The snaring of sea creatures in fishing equipment is often considered a modern phenomenon, because the hemp and cotton ropes used in the past degraded more quickly than their plastic counterparts. But Robert France at Dalhousie University in Truro, Canada, identified 51 probable entanglements near Great Britain and Ireland dating as far back as 1809.
France analysed 214 accounts of ‘unidentified marine objects’ from the early nineteenth century to 2000, looking for observations of a monster that had impressive length, a series of humps protruding above the sea surface and a fast, undulating movement through the water. France says that such accounts describe not sea serpents but whales, basking sharks (Cetorhinus maximus) or other marine animals trailing fishing gear such as buoys or other floats.
Such first-hand accounts could help researchers to construct a better picture of historical populations of marine species and the pressures they faced, France says.
(17) NOT THE LAND OF 10,000 LAKES, BUT A FEW AT LEAST. Will The Martian Chronicles be followed by the Martian barnacles? All that water must mean something. Nature is keeping tally: “Three buried lakes detected on Mars.”.
Two years ago, planetary scientists reported the discovery of a large saltwater lake under the ice at Mars’s south pole, a finding that was met with excitement and some scepticism. Now, researchers have confirmed the presence of that lake — and found three more.
This adds to the possible detection of a polar subsurface lake in 2018, covered at the time by SF2 Concatenation.
(18) INDUCTOR PROGRESS. [Item by Jonathan Cowie.] Nature tells how “Inductors enter the world of quantum magnets” [PDF file]. This may seem a little esoteric for Filers but actually it is quite important.
Inductors are coils of wire that impede changes in current and they are key components of electrical circuits. The problem is that their effectiveness is proportional to their cross-sectional area (size) and this is a pain if the goal is to miniaturise.
Researchers have now managed to create inductance using magnetic moments (spins) in a magnet to create a quantum mechanical inductor or an emergent inductor. In addition to reducing their size – which has obvious integrated circuit benefits – this new inductor can quickly switch between positive and negative which normal inductors cannot.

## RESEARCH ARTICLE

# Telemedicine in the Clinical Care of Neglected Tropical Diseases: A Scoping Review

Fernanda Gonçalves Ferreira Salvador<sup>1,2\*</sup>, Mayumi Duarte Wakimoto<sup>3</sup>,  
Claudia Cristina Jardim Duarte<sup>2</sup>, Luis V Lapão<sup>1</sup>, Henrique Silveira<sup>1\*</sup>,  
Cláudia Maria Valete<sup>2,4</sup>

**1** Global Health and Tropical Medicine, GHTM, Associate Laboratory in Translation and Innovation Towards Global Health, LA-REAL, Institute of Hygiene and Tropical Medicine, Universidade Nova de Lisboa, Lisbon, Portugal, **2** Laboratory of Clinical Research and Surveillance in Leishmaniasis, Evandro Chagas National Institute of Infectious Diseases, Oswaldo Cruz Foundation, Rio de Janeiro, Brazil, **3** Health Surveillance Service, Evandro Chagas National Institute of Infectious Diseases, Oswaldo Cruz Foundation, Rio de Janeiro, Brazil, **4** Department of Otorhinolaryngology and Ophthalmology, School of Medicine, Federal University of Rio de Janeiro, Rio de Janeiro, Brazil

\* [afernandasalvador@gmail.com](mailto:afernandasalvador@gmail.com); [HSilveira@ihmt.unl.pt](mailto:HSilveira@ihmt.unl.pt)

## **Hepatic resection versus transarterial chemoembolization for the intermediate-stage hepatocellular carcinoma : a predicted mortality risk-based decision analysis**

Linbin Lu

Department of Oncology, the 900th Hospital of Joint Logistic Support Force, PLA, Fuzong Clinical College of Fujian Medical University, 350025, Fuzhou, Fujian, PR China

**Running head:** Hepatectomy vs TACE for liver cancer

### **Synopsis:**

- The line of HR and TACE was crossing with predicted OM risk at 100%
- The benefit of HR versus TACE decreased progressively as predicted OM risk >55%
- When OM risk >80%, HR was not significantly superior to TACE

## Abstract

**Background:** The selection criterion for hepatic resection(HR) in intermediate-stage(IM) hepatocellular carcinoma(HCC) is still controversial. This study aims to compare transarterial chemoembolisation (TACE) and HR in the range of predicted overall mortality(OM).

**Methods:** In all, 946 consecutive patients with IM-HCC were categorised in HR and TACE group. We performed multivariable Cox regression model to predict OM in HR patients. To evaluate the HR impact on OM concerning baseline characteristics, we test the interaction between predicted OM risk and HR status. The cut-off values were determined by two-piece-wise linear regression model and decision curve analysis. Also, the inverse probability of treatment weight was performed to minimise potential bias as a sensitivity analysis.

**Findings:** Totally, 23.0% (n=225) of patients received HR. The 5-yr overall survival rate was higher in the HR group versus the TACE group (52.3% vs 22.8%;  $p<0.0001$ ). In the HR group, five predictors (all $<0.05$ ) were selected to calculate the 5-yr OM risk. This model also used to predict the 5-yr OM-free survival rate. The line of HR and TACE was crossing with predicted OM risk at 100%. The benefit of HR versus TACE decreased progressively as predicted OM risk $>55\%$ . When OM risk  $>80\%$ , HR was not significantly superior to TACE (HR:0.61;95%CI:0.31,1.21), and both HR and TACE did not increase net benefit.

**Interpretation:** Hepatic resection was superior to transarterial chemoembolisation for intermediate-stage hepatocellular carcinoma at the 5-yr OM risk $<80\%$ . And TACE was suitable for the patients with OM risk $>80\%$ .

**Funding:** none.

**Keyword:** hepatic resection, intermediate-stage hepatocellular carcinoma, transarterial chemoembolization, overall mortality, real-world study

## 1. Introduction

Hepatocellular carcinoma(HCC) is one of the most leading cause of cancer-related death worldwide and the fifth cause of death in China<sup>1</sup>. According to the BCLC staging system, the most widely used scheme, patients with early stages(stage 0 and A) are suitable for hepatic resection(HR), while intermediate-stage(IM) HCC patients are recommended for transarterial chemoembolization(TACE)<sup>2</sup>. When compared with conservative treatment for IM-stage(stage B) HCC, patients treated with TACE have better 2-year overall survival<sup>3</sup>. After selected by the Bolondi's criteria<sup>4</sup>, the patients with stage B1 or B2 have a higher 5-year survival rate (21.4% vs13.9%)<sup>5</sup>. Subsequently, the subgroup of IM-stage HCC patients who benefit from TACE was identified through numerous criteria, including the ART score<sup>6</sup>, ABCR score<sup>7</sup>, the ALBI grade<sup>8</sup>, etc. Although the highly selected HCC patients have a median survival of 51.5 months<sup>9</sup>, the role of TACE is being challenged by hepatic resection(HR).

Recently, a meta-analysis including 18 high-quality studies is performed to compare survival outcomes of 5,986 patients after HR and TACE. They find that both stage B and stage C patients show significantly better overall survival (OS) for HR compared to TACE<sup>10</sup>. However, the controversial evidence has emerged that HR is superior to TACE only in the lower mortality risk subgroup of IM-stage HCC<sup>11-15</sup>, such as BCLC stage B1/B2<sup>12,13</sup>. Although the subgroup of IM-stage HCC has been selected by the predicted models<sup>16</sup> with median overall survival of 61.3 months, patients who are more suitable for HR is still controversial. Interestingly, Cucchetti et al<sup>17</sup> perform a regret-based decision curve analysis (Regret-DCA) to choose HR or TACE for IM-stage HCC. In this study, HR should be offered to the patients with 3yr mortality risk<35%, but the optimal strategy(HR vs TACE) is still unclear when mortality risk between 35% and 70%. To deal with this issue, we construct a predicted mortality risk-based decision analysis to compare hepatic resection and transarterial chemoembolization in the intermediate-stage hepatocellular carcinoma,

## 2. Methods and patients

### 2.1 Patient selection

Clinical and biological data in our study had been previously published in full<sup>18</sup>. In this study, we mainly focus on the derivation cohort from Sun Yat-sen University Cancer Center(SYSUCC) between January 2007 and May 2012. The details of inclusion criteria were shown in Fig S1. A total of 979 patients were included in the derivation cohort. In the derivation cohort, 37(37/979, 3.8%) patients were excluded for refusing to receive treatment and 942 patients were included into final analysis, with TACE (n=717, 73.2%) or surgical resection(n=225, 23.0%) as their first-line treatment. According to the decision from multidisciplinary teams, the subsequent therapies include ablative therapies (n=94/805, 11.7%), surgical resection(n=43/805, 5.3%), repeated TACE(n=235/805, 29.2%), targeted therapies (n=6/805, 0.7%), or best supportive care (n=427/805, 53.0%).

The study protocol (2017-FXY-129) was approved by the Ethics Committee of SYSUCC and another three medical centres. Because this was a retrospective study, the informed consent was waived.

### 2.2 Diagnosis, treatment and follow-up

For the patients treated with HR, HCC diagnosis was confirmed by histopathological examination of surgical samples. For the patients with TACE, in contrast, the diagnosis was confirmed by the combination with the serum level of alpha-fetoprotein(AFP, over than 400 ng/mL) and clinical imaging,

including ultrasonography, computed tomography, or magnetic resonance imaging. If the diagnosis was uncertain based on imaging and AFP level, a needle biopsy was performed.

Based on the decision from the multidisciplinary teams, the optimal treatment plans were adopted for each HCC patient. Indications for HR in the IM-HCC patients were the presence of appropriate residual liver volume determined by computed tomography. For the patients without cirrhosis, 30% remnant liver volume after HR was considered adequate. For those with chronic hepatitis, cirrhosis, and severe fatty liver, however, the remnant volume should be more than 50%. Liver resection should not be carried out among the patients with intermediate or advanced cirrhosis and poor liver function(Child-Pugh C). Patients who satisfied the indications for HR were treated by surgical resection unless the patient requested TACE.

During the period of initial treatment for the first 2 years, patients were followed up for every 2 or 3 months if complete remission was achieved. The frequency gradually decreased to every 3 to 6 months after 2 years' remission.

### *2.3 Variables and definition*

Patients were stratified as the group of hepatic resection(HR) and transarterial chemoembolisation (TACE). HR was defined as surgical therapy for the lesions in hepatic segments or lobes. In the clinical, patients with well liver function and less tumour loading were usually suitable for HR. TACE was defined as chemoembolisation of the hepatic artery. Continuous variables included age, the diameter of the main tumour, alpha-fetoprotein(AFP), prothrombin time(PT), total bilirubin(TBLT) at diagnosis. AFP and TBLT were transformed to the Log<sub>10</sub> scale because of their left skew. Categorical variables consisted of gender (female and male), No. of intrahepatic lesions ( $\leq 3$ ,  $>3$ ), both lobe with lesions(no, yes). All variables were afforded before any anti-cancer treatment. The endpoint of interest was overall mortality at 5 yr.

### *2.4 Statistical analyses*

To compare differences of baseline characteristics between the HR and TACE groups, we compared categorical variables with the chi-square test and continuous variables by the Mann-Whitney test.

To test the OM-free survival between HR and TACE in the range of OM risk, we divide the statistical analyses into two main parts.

However, there is one big problem. These new inductors need to be super cool. Yet if this can be solved then there will be a revolution in electronics.
(19) DUST TO DUST. [Item by Jonathan Cowie.] Nature reports the latest ideas about “Early onset of planetary formation” [PDF file].
Several very young stars (only around a million years old) that still have their surrounding dust cloud, have been seen to have planetary formation as the protoplanets sweep out a circular path in the dust about the young star.
It is thought that planets from by dust, clumping into pebbles, then into boulders and so build their way up into planets.
However modelling this process and it seems to take too long.
This problem may have been solved by astronomers who have now seen patterns in a condensing dust cloud that is in the process of becoming a star. These patterns are rings that could indicate the presence of an orbiting protoplanet. The key thing is that this star is so young that it has not yet even properly got going. This means that planet formation may begin even before the star properly ignites (starts fusion).
(20) EARTHSHOT PRIZE. Vanity Fair shares a glimpse as “Prince William Previews His TED Talk: ‘The Shared Goals For Our Generation Are Clear’”.
Prince William has recorded his first TED talk, an 18-minute speech—recorded at Windsor Castle— discussing climate change and his vision of the Earthshot Prize, the ambitious initiative he announced yesterday. The TED Talk will air on Saturday as part of the Countdown Global Launch, the first-ever free TED conference that will be available on YouTube.
The Duke joins a number of high profile people for the event devoted to climate change, including Pope Francis, Al Gore, Chris Hemsworth, Jaden Smith, Jane Fonda, Christiana Figueres, and Don Cheadle.. In the preview clip William says, “The shared goals for our generation are clear — together we must protect and restore nature, clean our air, revive our oceans, build a waste-free world and fix our climate. And we must strive to do all of this in a decade. If we achieve these goals, by 2030 our lives won’t be worse and we won’t have to sacrifice everything we enjoy. Instead, the way we live will be healthier, cleaner, smarter and better for all of us.”
(21) VIDEO OF THE DAY. John King Tarpinian says, “If nothing else the closing credits are worth it.” Ray Bradbury’s The Homecoming” Ben Wickey’s 2016 CalArts Film.
[Thanks to John King Tarpinian, Michael Toman, JJ, Dann, John Hertz, Rich Lynch, Mike Kennedy, N., SF Concatenation’s Jonathan Cowie, Martin Morse Wooster, Cat Eldridge, and Andrew Porter for some of these stories. Title credit belongs to File 770 contributing editor of the day Soon Lee.]